>> I know that sucks, and your point about how weird it would be to switch
>> screen readers mid-stream is well taken. It is awkward and probably
>> unrealistic--maybe even a pro-forma copt-out. That being said I guess I'm
>> still confused, absent something like this, how you keep moving forward in
>> terms of UI patterns. This, at least, provides one path that is, to twist
>> the meaning a little, "accessibility supported." Hope that made sense.
>> On Wed, Aug 30, 2017 at 6:11 PM, Patrick H. Lauke < <EMAIL REMOVED>
>> >
>> wrote:
>> > On 30/08/2017 22:36, Robert Fentress wrote:
>> > [...]
>> >
>> >> I've mentioned this before and folks seemed to be baffled by why one
>> >> would want to do such a thing, but I didn't totally understand the
>> >> criticism, so I'd appreciate anyone who wished to (kindly) enlighten
>> >> me. Basically, my thinking is that, if this were an option,
>> >> developers could code their page or web application to standards, as
>> >> best they could interpret them, and then test with ChromeVox. If it
>> >> worked with that, and the developer could, essentially, include that
>> >> screen reader as an option on the page itself, then it would help
>> >> ensure at least a floor for screen reader accessibility. It would
>> >> also provide another option for users, in general, to interact with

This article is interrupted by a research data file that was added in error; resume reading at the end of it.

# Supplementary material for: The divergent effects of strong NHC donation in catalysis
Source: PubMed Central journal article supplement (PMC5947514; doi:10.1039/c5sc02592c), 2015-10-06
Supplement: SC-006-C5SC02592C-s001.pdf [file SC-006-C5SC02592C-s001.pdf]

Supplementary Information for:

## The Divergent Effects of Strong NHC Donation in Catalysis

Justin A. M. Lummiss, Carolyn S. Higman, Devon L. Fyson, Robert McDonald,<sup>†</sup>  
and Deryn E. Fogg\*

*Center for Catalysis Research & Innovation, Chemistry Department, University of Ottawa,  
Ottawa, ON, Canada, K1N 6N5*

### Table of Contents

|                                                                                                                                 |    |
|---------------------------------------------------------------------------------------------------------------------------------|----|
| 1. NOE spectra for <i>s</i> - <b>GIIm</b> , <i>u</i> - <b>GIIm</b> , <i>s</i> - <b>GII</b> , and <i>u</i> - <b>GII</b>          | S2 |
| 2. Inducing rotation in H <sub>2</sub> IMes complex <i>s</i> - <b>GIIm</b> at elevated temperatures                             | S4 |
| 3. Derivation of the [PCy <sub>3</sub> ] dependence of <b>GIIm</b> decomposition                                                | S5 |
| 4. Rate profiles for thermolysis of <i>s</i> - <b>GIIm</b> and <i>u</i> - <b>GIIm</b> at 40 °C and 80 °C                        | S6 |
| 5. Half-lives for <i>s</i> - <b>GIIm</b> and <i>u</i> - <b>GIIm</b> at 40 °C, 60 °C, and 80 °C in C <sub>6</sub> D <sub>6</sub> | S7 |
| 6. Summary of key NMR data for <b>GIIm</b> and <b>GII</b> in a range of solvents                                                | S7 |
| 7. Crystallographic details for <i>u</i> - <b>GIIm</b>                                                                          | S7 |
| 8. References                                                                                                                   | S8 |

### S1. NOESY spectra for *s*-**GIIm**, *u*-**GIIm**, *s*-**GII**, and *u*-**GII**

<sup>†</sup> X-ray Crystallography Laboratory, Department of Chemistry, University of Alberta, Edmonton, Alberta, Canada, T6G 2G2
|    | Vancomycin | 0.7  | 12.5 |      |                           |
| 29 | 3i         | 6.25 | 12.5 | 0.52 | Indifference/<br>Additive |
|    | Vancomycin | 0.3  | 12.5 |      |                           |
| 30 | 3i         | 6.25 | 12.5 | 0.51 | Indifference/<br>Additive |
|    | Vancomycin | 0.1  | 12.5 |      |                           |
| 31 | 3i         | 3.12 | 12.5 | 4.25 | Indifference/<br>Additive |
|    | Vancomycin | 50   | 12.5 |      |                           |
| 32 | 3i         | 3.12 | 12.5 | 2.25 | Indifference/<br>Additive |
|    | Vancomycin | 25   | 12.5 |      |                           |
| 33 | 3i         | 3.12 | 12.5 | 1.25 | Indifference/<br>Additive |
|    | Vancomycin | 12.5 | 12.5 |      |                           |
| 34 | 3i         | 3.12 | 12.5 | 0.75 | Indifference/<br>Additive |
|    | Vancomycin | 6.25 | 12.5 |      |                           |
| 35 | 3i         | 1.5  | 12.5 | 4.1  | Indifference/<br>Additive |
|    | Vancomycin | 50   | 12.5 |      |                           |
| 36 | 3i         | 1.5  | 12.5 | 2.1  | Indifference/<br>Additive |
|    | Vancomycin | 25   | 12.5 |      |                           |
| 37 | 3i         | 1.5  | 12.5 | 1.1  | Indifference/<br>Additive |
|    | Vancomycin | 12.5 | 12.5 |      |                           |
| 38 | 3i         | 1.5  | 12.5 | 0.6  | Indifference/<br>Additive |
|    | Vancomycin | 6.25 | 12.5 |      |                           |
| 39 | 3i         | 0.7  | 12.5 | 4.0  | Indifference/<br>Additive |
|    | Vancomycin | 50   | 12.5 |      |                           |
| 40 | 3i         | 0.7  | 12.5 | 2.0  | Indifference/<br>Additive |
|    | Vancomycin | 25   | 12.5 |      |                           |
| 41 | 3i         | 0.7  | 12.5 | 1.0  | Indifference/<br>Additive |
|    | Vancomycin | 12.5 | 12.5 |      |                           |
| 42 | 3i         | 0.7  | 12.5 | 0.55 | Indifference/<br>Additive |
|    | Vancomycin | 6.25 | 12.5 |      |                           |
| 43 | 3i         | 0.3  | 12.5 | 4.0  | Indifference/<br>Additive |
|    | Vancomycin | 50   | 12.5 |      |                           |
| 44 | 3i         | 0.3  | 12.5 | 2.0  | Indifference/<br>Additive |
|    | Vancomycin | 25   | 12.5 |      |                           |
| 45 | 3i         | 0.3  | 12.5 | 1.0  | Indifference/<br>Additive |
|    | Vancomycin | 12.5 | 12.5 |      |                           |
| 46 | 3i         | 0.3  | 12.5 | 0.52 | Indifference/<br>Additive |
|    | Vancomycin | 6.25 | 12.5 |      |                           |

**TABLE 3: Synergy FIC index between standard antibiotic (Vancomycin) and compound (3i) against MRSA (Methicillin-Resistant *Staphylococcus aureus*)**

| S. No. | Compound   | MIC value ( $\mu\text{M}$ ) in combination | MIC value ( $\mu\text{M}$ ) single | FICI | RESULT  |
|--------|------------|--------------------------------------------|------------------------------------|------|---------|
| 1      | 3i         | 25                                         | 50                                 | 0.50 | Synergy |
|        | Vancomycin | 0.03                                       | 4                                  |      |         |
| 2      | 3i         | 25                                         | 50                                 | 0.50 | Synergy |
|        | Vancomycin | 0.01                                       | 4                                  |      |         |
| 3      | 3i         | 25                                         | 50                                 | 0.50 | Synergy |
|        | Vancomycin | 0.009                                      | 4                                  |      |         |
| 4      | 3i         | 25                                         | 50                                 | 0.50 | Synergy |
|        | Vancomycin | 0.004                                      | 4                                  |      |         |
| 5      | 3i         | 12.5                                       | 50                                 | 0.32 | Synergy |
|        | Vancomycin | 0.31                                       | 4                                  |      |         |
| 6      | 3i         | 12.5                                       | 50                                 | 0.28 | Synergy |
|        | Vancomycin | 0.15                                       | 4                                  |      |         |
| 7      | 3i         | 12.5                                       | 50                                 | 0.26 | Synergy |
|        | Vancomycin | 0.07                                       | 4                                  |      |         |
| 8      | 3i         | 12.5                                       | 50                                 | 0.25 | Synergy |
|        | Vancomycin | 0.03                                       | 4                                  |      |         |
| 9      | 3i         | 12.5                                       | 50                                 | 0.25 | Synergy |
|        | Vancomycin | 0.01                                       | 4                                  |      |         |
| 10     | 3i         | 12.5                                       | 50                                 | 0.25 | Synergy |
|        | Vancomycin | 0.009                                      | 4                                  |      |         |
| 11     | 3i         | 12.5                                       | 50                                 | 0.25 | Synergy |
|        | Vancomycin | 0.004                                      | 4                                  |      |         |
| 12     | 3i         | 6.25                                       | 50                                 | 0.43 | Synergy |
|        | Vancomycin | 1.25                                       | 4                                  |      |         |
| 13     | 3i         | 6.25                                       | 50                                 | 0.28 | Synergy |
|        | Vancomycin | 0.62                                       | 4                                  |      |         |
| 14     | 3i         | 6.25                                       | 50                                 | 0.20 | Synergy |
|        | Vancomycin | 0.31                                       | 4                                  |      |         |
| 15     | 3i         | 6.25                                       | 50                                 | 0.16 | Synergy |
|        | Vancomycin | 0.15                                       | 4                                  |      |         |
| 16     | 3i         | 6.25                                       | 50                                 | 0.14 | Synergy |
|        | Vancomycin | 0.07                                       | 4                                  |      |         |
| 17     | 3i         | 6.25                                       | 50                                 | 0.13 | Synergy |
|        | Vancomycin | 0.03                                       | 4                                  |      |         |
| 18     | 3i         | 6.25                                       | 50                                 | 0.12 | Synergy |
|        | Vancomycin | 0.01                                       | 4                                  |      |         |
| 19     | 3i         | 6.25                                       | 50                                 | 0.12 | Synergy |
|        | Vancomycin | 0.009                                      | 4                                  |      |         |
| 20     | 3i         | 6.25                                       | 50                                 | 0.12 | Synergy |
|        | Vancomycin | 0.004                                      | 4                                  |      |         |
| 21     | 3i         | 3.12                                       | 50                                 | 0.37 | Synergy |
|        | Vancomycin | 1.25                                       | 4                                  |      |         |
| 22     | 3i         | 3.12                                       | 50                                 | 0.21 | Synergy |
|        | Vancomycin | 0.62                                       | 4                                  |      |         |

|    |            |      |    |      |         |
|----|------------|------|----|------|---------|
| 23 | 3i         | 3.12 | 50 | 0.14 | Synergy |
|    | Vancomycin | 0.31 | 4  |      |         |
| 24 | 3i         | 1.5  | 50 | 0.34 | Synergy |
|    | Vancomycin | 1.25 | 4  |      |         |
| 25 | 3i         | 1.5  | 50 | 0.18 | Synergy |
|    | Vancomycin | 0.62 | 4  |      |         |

>> >> their site.
>> >>
>> >
>> > This *may* help a subset of users that would require a screen
>> > reader/AT - mainly those with mild vision impairment, or users that
>> > with cognitive disabilities who would benefit from self-voicing pages.
>> > Clearly, any other users that do rely on screen readers would already
>> > need to have a screen reader installed anyway (in order to log in,
>> > open the browser, navigate to the site, etc), but of course that's
>> > also true for ChromeVox itself. But having it installed as extension
>> > at browser level means that these users still benefit from it on all
>> > websites, not just on the ones that decided to install some form of
>> > site-specific ChromeVox library. Also, having it at browser level
>> > means that users can set their preferences globally, while a
>> > site-specific version would need it own settings - and then the user